Whisky Magazine Issue 62
This article is 10 years old and some information provided may be time sensitive. Please check all details of events, tours, opening times and other information before travelling or making arrangements.
Copyright Whisky Magazine © 1999-2017. All rights reserved. To use or reproduce part or all of this article please contact us for details of how you can do so legally.
In the first of a new series Gavin D. Smithgoes in search of whisky's lost heritage
The Scotch whisky industry has always been prone to periods of ‘boom' and ‘bust.' During the boom times new distilleries have been constructed, while bust has inevitably meant plant closures.
The luckiest of the distilleries which fall silent are later resurrected, and in recent years these have included BenRiach, Bruichladdich and Tullibardine. However, many have been demolished to make way for retail or residential developments, and live on only in photographs, written records, and the occasional collectable bottle of malt.
One of those truly lost distilleries in Lochside, which boasts a very individual history and until 2005 stood on the outskirts of the east coast port of Montrose, where its distinctive cream-washed stone-built ‘tower' was a landmark for miles around.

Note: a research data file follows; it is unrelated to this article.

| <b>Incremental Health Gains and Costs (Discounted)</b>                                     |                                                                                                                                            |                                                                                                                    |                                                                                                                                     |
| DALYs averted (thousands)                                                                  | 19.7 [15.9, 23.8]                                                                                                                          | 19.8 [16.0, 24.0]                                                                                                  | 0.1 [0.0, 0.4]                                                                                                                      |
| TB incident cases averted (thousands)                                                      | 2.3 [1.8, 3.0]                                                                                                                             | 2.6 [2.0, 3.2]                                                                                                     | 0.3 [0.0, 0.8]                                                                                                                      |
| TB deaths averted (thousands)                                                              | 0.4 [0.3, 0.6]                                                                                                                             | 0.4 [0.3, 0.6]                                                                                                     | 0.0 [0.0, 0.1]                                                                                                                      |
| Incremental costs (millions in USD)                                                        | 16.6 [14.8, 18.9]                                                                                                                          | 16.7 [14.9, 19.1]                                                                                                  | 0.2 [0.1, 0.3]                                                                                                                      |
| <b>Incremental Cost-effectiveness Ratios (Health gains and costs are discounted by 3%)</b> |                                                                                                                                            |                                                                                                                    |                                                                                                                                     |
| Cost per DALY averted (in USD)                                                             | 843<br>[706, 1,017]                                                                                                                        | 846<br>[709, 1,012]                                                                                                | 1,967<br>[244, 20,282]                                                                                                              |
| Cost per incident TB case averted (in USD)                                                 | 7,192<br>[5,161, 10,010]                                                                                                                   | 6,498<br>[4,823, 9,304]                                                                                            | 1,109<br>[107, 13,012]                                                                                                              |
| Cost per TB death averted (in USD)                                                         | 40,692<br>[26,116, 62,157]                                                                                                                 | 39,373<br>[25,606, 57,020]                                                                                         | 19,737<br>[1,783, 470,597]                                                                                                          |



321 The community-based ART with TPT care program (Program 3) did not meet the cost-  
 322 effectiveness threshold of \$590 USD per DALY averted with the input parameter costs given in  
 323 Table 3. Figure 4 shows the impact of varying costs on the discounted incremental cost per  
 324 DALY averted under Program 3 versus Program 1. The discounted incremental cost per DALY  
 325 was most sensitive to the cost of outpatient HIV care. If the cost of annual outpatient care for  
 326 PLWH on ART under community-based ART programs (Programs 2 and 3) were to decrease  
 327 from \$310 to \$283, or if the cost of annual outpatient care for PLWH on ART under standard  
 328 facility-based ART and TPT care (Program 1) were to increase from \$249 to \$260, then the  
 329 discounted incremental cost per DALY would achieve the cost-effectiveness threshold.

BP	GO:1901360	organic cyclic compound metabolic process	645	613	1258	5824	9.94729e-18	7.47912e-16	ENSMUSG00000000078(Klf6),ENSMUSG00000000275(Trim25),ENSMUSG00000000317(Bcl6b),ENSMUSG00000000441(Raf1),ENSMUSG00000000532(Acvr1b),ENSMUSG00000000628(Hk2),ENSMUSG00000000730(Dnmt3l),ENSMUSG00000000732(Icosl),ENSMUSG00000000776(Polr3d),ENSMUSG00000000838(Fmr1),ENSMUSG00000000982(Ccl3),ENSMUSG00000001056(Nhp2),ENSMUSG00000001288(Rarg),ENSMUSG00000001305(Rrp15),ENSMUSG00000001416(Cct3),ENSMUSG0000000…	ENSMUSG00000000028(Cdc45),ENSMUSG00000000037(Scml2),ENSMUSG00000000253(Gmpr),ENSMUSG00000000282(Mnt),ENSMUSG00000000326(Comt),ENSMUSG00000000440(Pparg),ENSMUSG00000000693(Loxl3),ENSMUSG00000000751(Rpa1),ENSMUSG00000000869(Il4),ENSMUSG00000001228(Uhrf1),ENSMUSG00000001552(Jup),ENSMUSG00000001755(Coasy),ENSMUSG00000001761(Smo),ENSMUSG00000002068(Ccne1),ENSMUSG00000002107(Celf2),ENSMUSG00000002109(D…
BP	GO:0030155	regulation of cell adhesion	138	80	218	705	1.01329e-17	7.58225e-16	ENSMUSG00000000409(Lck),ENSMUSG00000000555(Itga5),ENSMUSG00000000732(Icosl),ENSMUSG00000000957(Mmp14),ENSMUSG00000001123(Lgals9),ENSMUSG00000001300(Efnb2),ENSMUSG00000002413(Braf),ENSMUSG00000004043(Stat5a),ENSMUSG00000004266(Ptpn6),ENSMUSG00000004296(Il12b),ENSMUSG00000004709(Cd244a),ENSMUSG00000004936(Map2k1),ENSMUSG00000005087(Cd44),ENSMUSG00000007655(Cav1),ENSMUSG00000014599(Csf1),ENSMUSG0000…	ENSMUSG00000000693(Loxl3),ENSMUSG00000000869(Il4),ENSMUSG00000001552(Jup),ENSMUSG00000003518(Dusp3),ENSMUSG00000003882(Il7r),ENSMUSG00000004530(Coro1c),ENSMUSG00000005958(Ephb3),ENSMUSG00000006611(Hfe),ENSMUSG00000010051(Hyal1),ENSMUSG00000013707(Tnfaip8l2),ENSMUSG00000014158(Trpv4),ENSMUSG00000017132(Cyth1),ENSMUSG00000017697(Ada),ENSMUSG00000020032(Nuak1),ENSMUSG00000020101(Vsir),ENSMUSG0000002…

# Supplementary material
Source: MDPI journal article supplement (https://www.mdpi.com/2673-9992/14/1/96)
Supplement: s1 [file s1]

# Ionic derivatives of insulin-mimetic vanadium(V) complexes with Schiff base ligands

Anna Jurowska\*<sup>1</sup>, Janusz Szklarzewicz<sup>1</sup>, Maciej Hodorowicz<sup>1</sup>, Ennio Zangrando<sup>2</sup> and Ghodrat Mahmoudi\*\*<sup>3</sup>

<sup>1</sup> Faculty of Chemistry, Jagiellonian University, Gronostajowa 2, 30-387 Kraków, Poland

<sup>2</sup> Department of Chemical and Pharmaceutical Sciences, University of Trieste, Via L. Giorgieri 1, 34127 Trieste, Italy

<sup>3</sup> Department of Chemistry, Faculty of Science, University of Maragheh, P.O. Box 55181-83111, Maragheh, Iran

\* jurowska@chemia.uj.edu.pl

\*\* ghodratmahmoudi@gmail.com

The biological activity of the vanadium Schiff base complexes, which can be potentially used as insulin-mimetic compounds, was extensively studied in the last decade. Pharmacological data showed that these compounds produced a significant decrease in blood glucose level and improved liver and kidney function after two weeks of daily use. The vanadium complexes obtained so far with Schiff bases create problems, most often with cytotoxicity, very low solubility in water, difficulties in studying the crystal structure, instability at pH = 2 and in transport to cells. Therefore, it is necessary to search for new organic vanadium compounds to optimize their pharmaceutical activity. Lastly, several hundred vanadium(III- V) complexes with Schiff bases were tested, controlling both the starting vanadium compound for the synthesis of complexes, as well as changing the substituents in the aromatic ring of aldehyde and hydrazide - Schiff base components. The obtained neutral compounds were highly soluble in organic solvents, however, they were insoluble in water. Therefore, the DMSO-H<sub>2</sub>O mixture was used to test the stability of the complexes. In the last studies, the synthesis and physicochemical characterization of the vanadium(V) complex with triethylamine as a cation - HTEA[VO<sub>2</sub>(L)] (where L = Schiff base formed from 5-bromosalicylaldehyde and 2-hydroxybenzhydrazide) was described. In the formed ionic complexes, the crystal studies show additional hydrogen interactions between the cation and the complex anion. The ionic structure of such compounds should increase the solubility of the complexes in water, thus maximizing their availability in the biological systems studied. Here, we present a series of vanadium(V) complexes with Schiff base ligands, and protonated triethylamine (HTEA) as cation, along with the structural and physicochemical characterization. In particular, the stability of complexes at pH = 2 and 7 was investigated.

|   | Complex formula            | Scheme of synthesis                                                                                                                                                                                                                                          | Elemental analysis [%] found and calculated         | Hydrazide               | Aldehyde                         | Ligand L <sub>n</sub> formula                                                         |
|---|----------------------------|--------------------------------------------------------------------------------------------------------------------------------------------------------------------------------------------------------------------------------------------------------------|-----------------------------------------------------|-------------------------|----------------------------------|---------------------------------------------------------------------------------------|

Lochside was one of Scotland's most visually interesting distilleries, being based in a converted 1890s ‘Brauhaus' style brewery.A number of notable Scottish distilleries such as Glenmorangie, Glen Moray and Tullibardine had their origins in brewing operations, but the Victorian Lochside distillery functioned as a brewery for all but the last 36 years of its working life.
A brewery had been established on the Lochside site in 1781, and was subsequently rebuilt in the late 19th century to the design of the great Elgin distillery architect Charles Doig. In 1926 it was purchased by Tynesidebased James Deuchar Ltd, and for many years, the brewery's own boat transported Newcastle Brown Ale by sea from...